Using C. elegans, scientists in Jenny’s lab can perform a wide range of specific experiments. For instance, they can measure how a worm’s movement changes as it ages, or track its fat content or the number of offspring it produces – the same characteristics that change as humans age. “We have also been doing some very interesting behaviour experiments,” says Jenny. “We are testing the roles of certain genes in sensing food, eating and determining a worm’s hunger and satiety (feeling full).”

To pinpoint which genes lead to changes in movement, fat content or behaviour, for example, the researchers remove or alter the function of certain genes from the worm’s genome to find out what they do. “We can also insert the gene for fluorescent proteins into a worm’s DNA next to any existing genes that we are interested in,” says Jenny. “If the gene of interest is expressed, the fluorescent protein is too. The cell where this takes place will literally ‘light up’ under the microscope.” The scientists use these visual clues to identify where in the worm’s body the gene is expressed, and at what stage it is in its lifetime.

WHAT HAS JENNY’S TEAM DISCOVERED SO FAR?

“Science is hardly ever about eureka moments. It is normally small discoveries that build upon how we view biology as a whole,” says Jenny. “My team and I have made plenty of these little discoveries, but perhaps the most significant in recent years is the identification of a new protein involved in controlling lifespan called RNA polymerase III.” Jenny’s team collaborated with labs in London and the Netherlands to study this protein in worms, yeast and flies. The next stage is to see whether these results from model organisms apply to humans.

Jenny is also investigating another protein called SKN-1, which has led to some surprising results. “Earlier in my career I studied the role of SKN-1 as an important longevity gene, but our current research suggests it also has an exciting role in food-related behaviour. There is never a dull moment!” she says.

WHAT DO THESE WORMS REALLY HAVE TO DO WITH US, THOUGH?

Even though worms are completely different to humans, there are still a great number of similarities in how humans and worms function. By uncovering the processes that control ageing and age-related disease in these worms, biogerontologists like Jenny can increase our understanding of ageing and age-related disease in people. And if you are interested in helping people live healthier lives in their old age, then biogerontology could be the career path for you. As Jenny says, “Understanding more about how the ageing process happens means that we might be able to alleviate some of the discomfort and illness associated with it.”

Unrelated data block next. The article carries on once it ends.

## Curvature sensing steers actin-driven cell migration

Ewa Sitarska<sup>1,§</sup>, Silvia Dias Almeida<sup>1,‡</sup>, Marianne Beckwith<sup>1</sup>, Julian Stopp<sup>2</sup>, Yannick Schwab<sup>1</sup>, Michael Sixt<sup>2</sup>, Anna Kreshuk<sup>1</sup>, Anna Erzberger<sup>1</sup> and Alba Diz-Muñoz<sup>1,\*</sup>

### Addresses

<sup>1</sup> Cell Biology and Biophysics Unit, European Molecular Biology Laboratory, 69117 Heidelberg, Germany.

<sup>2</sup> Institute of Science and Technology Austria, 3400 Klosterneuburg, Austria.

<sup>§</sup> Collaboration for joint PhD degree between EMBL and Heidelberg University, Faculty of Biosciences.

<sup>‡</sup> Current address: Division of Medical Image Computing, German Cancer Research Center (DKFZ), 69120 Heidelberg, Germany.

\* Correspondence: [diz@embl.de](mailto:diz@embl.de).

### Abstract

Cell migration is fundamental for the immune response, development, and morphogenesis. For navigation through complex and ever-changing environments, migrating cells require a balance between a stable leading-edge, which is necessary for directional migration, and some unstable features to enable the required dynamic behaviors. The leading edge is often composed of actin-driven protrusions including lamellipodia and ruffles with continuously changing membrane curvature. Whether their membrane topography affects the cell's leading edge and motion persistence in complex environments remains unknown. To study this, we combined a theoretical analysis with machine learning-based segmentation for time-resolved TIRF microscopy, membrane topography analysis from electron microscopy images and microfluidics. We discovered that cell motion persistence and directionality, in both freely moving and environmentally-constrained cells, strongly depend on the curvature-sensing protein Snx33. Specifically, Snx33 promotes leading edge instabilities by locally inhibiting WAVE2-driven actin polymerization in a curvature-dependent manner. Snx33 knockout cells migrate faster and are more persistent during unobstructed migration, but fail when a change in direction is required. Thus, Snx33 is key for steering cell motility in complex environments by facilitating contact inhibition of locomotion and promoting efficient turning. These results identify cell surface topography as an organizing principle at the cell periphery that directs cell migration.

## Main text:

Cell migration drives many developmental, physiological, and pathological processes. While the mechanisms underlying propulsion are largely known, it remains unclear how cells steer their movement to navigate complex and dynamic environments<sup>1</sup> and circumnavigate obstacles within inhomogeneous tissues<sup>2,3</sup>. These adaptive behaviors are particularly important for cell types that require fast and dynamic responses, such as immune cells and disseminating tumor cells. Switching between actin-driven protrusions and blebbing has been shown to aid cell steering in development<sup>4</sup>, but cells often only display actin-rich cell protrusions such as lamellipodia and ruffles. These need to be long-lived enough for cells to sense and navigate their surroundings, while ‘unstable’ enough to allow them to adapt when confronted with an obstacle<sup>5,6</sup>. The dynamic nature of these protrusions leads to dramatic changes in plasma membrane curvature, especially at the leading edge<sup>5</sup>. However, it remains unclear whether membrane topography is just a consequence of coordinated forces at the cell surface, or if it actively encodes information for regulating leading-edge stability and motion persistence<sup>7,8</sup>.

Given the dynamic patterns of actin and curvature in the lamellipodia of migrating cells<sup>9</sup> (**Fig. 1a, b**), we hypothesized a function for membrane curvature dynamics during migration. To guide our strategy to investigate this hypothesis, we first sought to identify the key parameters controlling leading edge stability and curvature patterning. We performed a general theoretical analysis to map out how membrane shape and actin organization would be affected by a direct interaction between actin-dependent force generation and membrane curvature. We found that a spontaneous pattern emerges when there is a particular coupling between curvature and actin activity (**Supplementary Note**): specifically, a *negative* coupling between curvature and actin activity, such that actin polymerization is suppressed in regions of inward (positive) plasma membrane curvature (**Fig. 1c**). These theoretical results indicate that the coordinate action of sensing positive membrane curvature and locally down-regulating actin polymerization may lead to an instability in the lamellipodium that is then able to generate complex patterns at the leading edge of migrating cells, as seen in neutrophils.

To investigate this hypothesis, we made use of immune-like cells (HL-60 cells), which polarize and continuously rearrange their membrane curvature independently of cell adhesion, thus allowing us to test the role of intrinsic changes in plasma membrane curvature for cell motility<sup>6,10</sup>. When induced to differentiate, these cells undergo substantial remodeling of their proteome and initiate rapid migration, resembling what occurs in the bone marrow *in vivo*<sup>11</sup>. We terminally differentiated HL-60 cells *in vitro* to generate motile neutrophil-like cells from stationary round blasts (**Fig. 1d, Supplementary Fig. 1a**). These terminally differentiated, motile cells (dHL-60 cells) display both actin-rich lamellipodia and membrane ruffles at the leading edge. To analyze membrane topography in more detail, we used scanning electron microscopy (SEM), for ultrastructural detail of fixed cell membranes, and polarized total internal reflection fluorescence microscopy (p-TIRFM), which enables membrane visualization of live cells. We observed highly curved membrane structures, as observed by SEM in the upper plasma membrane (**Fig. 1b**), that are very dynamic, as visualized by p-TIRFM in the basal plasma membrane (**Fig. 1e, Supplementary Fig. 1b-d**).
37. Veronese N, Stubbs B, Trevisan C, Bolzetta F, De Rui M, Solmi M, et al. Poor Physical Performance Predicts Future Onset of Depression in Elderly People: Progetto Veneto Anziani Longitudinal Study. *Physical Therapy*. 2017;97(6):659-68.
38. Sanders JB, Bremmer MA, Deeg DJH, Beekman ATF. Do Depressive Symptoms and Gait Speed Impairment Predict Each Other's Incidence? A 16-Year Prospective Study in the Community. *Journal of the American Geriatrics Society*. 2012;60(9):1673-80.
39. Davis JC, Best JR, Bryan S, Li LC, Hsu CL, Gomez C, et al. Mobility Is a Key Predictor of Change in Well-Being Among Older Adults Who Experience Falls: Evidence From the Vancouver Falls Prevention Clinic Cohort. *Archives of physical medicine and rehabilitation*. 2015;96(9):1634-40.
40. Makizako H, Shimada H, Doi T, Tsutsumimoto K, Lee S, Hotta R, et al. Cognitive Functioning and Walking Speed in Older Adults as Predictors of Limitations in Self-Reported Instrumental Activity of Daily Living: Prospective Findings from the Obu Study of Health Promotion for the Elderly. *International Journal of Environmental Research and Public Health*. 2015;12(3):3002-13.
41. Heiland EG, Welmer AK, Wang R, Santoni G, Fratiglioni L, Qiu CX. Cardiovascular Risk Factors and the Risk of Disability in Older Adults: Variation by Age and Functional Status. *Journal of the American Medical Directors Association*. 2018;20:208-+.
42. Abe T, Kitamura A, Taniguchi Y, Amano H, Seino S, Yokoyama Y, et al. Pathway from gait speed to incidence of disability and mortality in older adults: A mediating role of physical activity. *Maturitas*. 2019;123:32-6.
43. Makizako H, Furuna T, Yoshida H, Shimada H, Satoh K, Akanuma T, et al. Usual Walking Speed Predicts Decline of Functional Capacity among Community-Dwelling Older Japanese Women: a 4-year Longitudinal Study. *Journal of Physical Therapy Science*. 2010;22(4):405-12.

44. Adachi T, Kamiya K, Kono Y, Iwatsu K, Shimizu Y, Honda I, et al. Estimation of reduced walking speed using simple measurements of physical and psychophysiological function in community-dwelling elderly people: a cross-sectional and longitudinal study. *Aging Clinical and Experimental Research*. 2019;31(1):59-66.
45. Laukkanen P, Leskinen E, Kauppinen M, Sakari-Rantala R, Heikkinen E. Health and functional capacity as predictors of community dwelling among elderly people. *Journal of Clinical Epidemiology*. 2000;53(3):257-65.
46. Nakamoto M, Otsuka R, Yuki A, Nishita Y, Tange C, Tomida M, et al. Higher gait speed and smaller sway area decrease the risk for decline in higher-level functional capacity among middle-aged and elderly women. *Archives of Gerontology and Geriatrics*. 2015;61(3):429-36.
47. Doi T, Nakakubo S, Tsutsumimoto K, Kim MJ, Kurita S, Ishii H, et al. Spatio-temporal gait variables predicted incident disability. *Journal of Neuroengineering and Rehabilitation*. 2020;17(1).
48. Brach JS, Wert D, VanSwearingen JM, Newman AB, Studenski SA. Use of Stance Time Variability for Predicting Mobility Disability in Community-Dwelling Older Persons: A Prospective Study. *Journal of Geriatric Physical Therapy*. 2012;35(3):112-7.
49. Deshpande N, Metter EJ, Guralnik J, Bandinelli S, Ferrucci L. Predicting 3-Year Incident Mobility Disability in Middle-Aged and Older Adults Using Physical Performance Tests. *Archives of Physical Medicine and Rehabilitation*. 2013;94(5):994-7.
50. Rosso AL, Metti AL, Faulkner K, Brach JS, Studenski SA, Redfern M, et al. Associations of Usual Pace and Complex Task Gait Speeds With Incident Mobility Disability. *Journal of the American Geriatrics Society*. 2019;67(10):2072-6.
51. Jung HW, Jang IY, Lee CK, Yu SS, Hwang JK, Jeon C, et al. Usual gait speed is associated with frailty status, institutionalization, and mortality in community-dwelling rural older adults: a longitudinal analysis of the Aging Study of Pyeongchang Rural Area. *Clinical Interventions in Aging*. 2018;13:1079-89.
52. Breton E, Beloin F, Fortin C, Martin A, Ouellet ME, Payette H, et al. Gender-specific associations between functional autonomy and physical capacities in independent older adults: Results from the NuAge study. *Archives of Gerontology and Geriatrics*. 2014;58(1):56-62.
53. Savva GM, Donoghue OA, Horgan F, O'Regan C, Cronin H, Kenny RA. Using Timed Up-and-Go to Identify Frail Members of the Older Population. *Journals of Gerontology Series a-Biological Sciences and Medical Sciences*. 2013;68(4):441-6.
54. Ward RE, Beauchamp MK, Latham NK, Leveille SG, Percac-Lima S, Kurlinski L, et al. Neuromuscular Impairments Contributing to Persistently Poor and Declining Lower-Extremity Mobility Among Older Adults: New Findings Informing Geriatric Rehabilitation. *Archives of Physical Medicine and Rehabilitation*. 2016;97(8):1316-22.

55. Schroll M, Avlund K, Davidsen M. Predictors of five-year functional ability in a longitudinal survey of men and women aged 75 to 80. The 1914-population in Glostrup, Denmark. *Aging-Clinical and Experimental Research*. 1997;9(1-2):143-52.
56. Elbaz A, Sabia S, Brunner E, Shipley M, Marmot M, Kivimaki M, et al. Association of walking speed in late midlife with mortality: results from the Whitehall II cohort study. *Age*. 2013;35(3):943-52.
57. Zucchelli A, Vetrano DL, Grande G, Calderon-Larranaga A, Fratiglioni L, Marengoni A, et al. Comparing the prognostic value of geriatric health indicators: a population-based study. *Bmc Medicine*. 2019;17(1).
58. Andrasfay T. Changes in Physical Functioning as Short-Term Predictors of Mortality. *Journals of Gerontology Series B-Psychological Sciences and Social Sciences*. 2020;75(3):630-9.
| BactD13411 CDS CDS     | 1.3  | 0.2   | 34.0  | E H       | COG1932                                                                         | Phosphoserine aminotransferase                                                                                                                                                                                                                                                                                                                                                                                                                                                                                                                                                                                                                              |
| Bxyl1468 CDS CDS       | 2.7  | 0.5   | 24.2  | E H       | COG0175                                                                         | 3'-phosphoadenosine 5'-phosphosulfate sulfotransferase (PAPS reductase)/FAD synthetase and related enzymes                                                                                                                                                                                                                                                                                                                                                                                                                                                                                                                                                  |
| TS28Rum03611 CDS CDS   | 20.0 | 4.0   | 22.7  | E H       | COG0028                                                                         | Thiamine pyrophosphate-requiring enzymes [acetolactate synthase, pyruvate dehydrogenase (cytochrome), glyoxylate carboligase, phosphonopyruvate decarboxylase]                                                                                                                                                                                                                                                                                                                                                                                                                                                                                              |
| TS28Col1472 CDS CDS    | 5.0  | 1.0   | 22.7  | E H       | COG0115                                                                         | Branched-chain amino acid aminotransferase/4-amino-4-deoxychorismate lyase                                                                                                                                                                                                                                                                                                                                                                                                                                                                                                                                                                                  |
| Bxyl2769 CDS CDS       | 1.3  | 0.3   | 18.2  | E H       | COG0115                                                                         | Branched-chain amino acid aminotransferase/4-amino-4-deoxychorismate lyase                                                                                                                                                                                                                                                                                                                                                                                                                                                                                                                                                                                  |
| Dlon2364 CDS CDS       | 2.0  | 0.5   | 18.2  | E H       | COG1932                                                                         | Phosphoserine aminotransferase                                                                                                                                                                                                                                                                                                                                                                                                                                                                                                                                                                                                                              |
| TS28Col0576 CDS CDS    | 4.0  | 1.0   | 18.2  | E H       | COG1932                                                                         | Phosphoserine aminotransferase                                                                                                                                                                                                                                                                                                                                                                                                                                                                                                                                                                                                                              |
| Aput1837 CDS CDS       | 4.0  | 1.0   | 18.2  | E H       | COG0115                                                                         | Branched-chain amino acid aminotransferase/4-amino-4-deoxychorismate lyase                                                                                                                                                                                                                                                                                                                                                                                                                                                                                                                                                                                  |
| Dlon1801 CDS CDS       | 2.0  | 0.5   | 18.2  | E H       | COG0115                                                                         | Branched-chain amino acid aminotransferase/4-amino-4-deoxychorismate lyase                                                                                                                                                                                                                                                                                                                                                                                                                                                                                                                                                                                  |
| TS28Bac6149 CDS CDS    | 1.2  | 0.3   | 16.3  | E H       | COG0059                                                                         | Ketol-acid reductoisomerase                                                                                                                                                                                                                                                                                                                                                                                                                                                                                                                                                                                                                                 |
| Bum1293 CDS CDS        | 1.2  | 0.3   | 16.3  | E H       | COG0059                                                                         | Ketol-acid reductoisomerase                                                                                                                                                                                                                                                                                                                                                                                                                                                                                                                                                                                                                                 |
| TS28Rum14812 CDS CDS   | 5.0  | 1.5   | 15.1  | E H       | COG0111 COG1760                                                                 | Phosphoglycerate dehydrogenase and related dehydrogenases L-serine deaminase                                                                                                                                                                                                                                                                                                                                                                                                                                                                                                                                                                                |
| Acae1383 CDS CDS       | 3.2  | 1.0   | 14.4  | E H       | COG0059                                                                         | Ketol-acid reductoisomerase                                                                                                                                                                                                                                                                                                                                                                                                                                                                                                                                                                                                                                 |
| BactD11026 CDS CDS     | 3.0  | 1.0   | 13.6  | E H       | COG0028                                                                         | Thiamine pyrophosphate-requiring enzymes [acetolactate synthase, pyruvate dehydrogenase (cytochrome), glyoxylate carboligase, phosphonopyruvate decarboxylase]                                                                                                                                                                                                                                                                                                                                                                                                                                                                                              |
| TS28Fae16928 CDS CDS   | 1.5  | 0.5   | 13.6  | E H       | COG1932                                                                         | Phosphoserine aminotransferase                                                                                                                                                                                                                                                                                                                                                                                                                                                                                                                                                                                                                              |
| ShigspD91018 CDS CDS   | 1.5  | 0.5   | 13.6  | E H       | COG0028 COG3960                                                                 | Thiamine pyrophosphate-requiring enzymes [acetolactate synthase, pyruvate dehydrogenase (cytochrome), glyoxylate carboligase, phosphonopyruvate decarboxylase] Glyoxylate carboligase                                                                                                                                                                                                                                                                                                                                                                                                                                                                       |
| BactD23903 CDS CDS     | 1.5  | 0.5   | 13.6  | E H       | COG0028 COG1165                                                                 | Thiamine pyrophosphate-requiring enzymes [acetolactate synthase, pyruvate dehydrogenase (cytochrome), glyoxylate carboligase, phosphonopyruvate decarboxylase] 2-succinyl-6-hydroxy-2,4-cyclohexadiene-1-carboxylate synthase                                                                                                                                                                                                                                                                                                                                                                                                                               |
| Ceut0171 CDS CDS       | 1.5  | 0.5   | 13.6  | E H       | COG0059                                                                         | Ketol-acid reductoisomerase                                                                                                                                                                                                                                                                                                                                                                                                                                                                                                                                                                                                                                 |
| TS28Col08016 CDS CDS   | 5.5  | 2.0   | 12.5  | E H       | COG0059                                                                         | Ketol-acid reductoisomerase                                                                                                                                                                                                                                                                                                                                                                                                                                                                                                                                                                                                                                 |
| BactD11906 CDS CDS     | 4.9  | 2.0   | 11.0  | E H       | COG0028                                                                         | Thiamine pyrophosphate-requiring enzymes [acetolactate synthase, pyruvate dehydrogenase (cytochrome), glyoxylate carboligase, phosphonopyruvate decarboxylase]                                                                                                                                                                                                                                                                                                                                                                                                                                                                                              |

DR JENNIFER TULLET
Senior Lecturer in Biogerontology
School of Biosciences
University of Kent, UK

FIELD OF RESEARCH: Biogerontology

RESEARCH PROJECT: Scientists in Jenny’s lab are investigating the molecular mechanisms underlying the ageing process, using the model organism C. elegans.

FUNDERS: Biotechnology and Biological Sciences Research Council (BBSRC), The Royal Society

ABOUT BIOGERONTOLOGY

Biogerontology is the study of the biology behind the ageing processes. It is distinct from gerontology (which studies the impacts of ageing on individuals and society, rather than the root biological causes of ageing), and from geriatrics, which specialises in healthcare measures for the elderly. Naturally, there is overlap between the three specialisms. For instance, understanding the biological processes behind ageing can help inform the treatment of age-associated diseases.

WHAT SKILLS ARE NEEDED FOR A CAREER IN BIOGERONTOLOGY?

According to senescence.info, a website about ageing research, biology and genetics are a good step into biogerontology, but notes that biologists and geneticists are not the only ones studying ageing: physicists, physicians, engineers, computer scientists, mathematicians are also known to be working in this area. Ultimately, as Jenny says, “Any career in scientific research requires the ability to always be learning and developing transferable skills. I am learning new things all the time. Like any field of science, it is impossible to know everything, and new developments can happen very fast!”